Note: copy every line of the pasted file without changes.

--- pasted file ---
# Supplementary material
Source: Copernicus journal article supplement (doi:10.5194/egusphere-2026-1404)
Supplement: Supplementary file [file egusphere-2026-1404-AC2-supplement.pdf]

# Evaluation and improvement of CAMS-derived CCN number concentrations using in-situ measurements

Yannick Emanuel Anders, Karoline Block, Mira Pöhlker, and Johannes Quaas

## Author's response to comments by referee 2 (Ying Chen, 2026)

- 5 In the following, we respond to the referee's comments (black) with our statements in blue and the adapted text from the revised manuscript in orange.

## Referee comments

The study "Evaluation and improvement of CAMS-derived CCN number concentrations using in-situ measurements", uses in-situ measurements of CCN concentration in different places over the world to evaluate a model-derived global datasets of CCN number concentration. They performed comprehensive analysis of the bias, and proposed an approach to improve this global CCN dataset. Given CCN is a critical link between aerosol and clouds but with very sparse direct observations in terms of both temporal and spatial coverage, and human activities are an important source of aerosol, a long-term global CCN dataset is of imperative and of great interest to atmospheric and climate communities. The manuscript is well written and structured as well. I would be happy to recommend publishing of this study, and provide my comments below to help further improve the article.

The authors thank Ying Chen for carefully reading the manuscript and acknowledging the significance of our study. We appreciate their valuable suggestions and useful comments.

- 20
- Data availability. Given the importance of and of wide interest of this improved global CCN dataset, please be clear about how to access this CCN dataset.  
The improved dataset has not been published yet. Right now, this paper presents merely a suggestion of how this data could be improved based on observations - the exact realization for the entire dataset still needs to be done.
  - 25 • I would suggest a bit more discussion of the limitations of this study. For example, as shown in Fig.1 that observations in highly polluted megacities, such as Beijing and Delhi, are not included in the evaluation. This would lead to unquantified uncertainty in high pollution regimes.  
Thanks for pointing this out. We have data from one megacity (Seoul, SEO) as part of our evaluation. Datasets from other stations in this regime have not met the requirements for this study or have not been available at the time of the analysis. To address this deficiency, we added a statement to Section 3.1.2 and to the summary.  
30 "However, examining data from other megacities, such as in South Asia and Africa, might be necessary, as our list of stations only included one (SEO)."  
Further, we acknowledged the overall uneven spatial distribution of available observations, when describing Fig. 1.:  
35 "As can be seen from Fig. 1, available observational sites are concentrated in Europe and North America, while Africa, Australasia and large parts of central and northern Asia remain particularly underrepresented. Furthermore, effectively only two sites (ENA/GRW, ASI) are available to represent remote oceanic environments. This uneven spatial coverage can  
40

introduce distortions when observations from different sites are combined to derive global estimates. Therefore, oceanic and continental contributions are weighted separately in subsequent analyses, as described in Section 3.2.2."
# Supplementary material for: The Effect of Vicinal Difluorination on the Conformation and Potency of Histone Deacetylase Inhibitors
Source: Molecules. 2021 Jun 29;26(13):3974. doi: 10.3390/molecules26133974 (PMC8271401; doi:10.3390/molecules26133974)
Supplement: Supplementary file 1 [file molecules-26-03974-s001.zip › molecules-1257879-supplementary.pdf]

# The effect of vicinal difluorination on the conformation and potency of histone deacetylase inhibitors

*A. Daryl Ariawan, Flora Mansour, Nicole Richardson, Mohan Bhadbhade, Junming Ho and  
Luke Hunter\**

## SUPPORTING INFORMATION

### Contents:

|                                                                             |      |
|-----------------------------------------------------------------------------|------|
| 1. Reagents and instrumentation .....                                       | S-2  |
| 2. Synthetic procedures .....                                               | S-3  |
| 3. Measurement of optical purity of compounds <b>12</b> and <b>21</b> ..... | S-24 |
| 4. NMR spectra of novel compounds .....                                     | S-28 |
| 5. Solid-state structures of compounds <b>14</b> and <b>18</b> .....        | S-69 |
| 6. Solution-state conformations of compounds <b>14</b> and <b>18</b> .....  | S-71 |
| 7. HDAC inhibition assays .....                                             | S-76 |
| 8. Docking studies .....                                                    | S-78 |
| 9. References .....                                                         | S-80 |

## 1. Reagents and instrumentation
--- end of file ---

# Supplementary material
Source: Copernicus journal article supplement (doi:10.5194/egusphere-2026-1404)
Supplement: Supplementary file [file egusphere-2026-1404-AC2-supplement.pdf]

# Evaluation and improvement of CAMS-derived CCN number concentrations using in-situ measurements

Yannick Emanuel Anders, Karoline Block, Mira Pöhlker, and Johannes Quaas

## Author's response to comments by referee 2 (Ying Chen, 2026)

- 5 In the following, we respond to the referee's comments (black) with our statements in blue and the adapted text from the revised manuscript in orange.

## Referee comments

The study "Evaluation and improvement of CAMS-derived CCN number concentrations using in-situ measurements", uses in-situ measurements of CCN concentration in different places over the world to evaluate a model-derived global datasets of CCN number concentration. They performed comprehensive analysis of the bias, and proposed an approach to improve this global CCN dataset. Given CCN is a critical link between aerosol and clouds but with very sparse direct observations in terms of both temporal and spatial coverage, and human activities are an important source of aerosol, a long-term global CCN dataset is of imperative and of great interest to atmospheric and climate communities. The manuscript is well written and structured as well. I would be happy to recommend publishing of this study, and provide my comments below to help further improve the article.

The authors thank Ying Chen for carefully reading the manuscript and acknowledging the significance of our study. We appreciate their valuable suggestions and useful comments.

- 20
- Data availability. Given the importance of and of wide interest of this improved global CCN dataset, please be clear about how to access this CCN dataset.  
The improved dataset has not been published yet. Right now, this paper presents merely a suggestion of how this data could be improved based on observations - the exact realization for the entire dataset still needs to be done.
  - 25 • I would suggest a bit more discussion of the limitations of this study. For example, as shown in Fig.1 that observations in highly polluted megacities, such as Beijing and Delhi, are not included in the evaluation. This would lead to unquantified uncertainty in high pollution regimes.  
Thanks for pointing this out. We have data from one megacity (Seoul, SEO) as part of our evaluation. Datasets from other stations in this regime have not met the requirements for this study or have not been available at the time of the analysis. To address this deficiency, we added a statement to Section 3.1.2 and to the summary.  
30 "However, examining data from other megacities, such as in South Asia and Africa, might be necessary, as our list of stations only included one (SEO)."  
Further, we acknowledged the overall uneven spatial distribution of available observations, when describing Fig. 1.:  
35 "As can be seen from Fig. 1, available observational sites are concentrated in Europe and North America, while Africa, Australasia and large parts of central and northern Asia remain particularly underrepresented. Furthermore, effectively only two sites (ENA/GRW, ASI) are available to represent remote oceanic environments. This uneven spatial coverage can  
40

introduce distortions when observations from different sites are combined to derive global estimates. Therefore, oceanic and continental contributions are weighted separately in subsequent analyses, as described in Section 3.2.2."
# Supplementary material for: The Effect of Vicinal Difluorination on the Conformation and Potency of Histone Deacetylase Inhibitors
Source: Molecules. 2021 Jun 29;26(13):3974. doi: 10.3390/molecules26133974 (PMC8271401; doi:10.3390/molecules26133974)
Supplement: Supplementary file 1 [file molecules-26-03974-s001.zip › molecules-1257879-supplementary.pdf]

# The effect of vicinal difluorination on the conformation and potency of histone deacetylase inhibitors

*A. Daryl Ariawan, Flora Mansour, Nicole Richardson, Mohan Bhadbhade, Junming Ho and  
Luke Hunter\**

## SUPPORTING INFORMATION

### Contents:

|                                                                             |      |
|-----------------------------------------------------------------------------|------|
| 1. Reagents and instrumentation .....                                       | S-2  |
| 2. Synthetic procedures .....                                               | S-3  |
| 3. Measurement of optical purity of compounds <b>12</b> and <b>21</b> ..... | S-24 |
| 4. NMR spectra of novel compounds .....                                     | S-28 |
| 5. Solid-state structures of compounds <b>14</b> and <b>18</b> .....        | S-69 |
| 6. Solution-state conformations of compounds <b>14</b> and <b>18</b> .....  | S-71 |
| 7. HDAC inhibition assays .....                                             | S-76 |
| 8. Docking studies .....                                                    | S-78 |
| 9. References .....                                                         | S-80 |

## 1. Reagents and instrumentation